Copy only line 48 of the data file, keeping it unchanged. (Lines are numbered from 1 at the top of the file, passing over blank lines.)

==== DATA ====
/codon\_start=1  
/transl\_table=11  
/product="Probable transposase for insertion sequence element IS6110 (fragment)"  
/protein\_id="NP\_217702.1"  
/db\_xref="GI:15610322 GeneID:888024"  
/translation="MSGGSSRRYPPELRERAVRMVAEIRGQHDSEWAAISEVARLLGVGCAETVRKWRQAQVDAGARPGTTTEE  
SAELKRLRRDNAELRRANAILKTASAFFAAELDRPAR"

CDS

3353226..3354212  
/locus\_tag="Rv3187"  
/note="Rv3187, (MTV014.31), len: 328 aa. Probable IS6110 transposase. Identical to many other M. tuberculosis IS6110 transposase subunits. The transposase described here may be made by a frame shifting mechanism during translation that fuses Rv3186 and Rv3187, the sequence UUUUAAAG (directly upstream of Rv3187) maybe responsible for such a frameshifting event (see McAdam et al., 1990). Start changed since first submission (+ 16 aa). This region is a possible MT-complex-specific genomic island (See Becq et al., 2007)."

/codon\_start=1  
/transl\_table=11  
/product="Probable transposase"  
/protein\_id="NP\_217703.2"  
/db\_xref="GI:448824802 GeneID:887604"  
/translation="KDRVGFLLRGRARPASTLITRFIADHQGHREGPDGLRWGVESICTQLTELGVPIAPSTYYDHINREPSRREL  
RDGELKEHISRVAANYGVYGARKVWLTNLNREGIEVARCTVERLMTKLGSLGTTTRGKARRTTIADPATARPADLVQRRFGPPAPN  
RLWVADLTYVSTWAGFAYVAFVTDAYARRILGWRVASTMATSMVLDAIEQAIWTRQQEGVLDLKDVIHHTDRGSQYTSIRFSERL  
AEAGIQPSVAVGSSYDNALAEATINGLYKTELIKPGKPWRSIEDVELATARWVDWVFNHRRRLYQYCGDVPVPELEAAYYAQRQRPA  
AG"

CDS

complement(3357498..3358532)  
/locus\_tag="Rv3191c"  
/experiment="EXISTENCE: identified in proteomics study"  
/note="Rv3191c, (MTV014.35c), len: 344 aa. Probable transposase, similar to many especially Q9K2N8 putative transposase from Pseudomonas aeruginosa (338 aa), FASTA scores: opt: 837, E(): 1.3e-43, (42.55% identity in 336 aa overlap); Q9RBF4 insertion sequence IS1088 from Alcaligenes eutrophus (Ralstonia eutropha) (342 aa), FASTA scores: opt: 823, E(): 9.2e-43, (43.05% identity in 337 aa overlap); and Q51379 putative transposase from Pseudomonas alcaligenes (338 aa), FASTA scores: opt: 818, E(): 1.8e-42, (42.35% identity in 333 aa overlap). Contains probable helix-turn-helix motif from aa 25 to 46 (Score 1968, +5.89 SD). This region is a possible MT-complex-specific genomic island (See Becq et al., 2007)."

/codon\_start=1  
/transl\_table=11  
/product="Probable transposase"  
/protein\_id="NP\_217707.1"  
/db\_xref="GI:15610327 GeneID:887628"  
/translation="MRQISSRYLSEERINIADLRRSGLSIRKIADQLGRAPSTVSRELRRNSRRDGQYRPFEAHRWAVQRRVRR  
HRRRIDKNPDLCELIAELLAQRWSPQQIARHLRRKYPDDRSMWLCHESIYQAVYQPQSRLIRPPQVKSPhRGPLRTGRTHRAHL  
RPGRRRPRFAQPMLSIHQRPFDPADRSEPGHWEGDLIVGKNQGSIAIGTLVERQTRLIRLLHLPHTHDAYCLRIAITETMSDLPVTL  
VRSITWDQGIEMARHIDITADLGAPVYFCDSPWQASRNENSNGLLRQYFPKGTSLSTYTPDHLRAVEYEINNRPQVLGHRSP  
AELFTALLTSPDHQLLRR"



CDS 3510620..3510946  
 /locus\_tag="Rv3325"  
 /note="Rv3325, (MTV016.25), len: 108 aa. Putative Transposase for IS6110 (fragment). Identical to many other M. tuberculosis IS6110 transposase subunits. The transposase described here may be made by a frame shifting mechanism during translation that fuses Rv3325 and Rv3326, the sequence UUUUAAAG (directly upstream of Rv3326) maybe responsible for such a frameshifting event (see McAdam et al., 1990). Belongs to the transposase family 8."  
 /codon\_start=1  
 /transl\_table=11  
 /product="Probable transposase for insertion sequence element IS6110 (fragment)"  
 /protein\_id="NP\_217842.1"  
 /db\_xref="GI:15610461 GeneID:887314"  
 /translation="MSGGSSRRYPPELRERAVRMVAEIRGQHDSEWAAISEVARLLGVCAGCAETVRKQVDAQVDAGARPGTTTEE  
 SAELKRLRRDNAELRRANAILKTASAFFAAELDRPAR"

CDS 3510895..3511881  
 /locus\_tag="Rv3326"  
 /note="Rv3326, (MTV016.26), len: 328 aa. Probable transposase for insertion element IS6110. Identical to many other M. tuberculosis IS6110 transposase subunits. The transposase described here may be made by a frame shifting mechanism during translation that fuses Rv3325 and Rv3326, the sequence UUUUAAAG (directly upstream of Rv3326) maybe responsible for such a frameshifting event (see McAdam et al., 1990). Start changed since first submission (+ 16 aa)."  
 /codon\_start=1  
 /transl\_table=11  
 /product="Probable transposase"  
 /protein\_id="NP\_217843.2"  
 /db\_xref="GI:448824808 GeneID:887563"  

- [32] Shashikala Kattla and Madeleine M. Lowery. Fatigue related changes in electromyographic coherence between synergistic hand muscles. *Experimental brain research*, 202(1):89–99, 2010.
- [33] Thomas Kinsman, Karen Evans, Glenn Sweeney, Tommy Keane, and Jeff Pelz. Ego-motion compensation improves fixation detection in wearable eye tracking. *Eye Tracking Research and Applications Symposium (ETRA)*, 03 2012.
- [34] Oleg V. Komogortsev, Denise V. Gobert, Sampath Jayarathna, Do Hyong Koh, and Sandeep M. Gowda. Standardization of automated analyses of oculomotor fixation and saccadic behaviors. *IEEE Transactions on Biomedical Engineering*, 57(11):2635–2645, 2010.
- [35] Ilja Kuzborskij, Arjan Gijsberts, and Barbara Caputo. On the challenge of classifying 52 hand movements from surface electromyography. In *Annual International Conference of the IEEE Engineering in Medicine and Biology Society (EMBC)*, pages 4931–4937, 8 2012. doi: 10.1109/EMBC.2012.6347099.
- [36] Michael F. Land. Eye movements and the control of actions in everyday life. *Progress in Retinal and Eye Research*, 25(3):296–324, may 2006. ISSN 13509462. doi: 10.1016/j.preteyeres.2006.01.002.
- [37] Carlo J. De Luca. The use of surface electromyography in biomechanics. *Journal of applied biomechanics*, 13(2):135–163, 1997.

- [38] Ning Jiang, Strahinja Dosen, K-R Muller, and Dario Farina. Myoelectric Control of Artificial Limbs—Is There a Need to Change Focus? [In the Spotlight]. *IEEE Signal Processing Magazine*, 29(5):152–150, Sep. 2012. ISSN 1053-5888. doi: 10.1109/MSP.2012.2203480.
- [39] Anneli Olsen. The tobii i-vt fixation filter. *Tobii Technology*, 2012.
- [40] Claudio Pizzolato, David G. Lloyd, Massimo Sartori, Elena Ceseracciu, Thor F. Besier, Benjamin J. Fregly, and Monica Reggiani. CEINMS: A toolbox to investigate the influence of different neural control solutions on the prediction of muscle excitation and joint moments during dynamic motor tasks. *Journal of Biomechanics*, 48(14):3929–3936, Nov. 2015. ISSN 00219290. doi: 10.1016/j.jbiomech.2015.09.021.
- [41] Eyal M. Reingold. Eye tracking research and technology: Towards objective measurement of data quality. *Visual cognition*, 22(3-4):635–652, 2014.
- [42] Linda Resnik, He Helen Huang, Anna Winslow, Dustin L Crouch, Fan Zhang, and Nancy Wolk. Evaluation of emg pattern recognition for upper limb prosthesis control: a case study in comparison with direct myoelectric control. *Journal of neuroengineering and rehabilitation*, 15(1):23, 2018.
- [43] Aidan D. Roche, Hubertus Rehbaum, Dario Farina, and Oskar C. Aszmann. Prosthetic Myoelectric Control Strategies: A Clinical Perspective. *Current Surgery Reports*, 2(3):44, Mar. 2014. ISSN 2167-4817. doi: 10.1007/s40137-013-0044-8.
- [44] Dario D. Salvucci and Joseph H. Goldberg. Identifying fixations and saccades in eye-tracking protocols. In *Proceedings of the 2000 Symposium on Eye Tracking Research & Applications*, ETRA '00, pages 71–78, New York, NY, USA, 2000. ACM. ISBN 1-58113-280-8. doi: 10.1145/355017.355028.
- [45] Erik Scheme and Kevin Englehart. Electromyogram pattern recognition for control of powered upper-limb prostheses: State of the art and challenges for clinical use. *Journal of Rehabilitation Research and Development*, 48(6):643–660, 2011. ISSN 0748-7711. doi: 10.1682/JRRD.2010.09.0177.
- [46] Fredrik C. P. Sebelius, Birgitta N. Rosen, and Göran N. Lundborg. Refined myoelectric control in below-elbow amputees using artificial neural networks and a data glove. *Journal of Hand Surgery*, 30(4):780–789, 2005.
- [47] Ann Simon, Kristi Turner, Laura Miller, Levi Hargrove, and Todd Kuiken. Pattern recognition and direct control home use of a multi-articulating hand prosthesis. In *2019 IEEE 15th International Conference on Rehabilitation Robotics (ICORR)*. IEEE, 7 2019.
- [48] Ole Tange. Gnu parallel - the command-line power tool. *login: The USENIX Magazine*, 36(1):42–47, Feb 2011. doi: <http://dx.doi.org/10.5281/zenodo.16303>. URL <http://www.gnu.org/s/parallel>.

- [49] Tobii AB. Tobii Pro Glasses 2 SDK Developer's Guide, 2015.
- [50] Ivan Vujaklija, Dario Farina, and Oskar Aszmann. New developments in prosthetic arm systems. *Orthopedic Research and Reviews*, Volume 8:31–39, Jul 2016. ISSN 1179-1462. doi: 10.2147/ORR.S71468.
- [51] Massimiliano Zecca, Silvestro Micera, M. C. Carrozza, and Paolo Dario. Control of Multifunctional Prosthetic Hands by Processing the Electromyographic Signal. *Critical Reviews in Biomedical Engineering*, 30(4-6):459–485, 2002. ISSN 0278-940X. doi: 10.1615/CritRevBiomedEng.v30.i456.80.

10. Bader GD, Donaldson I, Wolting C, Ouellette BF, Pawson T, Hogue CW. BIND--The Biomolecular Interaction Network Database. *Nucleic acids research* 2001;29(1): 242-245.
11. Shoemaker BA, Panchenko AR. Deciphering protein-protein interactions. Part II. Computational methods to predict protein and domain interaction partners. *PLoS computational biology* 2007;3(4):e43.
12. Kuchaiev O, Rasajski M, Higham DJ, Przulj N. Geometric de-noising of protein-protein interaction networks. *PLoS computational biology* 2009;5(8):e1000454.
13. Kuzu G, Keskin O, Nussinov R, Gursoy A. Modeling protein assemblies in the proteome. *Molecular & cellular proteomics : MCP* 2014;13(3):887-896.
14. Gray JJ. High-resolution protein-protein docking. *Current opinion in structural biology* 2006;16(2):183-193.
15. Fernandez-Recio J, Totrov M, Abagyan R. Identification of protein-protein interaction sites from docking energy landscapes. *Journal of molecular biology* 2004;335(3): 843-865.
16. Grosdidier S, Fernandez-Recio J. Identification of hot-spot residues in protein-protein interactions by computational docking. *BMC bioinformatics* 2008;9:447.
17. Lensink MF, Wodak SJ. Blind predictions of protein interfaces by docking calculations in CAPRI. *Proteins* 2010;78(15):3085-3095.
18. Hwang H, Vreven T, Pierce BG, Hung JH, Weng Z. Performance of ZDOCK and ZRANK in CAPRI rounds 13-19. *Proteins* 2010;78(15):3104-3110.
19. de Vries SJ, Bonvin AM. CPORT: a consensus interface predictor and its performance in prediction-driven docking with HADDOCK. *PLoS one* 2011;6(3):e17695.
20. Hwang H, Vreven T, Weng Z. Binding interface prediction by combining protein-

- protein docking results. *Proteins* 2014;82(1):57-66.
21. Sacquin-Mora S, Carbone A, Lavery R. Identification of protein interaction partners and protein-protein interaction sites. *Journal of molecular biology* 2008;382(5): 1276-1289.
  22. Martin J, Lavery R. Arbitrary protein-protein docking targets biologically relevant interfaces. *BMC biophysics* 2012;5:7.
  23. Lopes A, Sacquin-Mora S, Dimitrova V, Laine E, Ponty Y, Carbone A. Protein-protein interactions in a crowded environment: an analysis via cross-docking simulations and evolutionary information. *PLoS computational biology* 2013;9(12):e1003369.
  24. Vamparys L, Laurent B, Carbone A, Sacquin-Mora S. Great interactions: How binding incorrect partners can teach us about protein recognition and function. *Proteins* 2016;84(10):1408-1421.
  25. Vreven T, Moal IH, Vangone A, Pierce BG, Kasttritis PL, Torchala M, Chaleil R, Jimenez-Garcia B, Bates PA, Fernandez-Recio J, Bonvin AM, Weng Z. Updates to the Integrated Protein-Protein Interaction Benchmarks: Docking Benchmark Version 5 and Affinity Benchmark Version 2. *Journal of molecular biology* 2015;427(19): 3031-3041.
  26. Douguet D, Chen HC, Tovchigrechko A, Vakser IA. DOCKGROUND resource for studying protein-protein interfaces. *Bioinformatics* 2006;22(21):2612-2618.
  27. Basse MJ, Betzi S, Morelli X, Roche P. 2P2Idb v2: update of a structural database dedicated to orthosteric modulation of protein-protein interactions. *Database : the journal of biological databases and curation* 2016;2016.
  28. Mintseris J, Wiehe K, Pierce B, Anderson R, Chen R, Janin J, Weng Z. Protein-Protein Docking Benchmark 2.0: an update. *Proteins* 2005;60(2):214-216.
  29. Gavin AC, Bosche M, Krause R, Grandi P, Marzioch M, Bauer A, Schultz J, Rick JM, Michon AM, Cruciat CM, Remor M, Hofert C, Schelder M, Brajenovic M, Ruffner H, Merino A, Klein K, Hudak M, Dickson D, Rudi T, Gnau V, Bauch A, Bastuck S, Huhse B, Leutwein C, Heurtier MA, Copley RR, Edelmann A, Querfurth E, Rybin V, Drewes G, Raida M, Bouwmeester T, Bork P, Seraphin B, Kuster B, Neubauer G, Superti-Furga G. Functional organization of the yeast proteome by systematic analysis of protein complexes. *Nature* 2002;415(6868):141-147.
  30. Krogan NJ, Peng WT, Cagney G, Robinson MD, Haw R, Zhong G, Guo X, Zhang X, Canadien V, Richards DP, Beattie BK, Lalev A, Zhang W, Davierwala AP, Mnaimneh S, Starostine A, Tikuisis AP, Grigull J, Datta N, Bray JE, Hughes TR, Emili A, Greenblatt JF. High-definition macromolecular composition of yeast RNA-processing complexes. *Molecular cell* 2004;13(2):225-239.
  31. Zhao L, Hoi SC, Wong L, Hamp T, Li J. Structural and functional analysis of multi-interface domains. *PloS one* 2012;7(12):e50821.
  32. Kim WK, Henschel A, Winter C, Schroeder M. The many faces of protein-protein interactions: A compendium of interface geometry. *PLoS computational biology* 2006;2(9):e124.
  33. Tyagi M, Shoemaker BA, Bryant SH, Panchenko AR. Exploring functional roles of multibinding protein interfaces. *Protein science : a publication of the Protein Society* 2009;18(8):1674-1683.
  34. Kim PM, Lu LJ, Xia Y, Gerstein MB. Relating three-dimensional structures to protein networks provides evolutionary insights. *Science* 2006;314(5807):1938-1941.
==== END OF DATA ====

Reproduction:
 /locus\_tag="Rv3326"  